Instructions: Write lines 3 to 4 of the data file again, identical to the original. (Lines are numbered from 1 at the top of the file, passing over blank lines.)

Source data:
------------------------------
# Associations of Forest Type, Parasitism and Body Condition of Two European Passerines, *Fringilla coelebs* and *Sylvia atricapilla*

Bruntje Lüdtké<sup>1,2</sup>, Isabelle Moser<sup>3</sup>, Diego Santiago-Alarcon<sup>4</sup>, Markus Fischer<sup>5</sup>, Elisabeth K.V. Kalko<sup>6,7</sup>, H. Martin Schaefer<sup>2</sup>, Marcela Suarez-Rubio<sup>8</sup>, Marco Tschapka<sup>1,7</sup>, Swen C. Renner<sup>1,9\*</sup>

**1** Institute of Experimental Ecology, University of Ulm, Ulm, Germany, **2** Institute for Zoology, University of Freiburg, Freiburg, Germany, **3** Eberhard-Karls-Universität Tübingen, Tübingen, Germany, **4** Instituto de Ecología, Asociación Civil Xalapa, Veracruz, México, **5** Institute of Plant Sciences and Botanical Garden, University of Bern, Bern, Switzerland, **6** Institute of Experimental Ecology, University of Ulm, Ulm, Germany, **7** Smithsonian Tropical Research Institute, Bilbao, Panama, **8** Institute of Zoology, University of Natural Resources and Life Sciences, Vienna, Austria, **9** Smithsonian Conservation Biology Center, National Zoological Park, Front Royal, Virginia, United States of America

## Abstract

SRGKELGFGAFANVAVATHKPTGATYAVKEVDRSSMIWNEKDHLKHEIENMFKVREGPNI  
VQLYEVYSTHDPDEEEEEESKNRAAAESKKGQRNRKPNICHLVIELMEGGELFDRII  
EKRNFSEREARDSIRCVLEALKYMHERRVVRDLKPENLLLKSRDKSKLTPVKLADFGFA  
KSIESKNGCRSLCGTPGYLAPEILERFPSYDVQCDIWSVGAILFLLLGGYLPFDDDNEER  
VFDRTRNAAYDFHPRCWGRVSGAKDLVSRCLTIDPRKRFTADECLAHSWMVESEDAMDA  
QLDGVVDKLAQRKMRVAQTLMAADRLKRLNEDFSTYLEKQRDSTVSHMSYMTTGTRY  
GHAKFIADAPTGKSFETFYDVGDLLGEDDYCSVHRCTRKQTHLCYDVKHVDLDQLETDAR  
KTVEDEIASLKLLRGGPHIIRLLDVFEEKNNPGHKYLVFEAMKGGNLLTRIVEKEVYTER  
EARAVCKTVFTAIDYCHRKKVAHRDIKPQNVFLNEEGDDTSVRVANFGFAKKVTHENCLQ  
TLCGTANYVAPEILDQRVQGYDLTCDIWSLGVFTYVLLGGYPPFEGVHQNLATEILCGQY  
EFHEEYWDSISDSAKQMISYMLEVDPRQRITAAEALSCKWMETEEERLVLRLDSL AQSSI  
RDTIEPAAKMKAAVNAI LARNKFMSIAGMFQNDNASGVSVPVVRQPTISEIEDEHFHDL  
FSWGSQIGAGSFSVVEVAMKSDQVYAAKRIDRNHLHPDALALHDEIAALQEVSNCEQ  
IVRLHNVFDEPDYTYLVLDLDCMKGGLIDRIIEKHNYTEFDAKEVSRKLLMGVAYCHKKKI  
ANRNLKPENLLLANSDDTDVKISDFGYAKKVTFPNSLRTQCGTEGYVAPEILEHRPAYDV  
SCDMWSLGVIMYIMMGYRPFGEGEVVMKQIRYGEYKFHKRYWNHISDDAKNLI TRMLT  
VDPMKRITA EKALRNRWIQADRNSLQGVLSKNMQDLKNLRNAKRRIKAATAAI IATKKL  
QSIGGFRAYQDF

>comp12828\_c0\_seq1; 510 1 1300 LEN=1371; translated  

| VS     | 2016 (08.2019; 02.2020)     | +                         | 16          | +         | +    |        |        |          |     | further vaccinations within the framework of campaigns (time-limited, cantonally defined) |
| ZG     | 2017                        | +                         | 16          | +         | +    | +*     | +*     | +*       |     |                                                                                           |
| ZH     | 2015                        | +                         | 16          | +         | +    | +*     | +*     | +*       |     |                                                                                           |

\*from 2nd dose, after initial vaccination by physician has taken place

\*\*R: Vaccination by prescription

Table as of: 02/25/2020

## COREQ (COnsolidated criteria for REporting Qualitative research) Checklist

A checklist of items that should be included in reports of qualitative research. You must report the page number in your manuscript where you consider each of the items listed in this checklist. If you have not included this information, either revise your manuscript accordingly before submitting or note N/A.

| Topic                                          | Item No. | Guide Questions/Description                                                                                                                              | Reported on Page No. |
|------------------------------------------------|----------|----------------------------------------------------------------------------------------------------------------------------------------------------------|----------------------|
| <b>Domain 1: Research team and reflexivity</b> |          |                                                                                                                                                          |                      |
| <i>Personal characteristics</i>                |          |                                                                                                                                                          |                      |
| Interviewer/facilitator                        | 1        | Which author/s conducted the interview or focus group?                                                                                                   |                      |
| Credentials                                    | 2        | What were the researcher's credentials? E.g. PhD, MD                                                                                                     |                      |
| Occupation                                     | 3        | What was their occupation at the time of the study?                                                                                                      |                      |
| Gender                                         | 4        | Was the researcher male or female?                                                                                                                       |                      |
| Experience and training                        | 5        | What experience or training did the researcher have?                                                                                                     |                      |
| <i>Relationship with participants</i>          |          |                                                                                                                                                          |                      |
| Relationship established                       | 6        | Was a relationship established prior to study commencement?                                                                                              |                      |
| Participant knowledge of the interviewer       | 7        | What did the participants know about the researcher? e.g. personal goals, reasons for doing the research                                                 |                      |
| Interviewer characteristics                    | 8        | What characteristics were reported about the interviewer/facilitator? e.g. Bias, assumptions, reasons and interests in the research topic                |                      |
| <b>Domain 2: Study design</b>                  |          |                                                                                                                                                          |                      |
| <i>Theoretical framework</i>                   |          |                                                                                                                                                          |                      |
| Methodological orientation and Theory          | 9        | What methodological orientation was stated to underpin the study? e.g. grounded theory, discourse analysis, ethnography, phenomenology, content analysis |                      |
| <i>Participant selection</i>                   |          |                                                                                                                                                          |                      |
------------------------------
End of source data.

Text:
**1** Institute of Experimental Ecology, University of Ulm, Ulm, Germany, **2** Institute for Zoology, University of Freiburg, Freiburg, Germany, **3** Eberhard-Karls-Universität Tübingen, Tübingen, Germany, **4** Instituto de Ecología, Asociación Civil Xalapa, Veracruz, México, **5** Institute of Plant Sciences and Botanical Garden, University of Bern, Bern, Switzerland, **6** Institute of Experimental Ecology, University of Ulm, Ulm, Germany, **7** Smithsonian Tropical Research Institute, Bilbao, Panama, **8** Institute of Zoology, University of Natural Resources and Life Sciences, Vienna, Austria, **9** Smithsonian Conservation Biology Center, National Zoological Park, Front Royal, Virginia, United States of America

## Abstract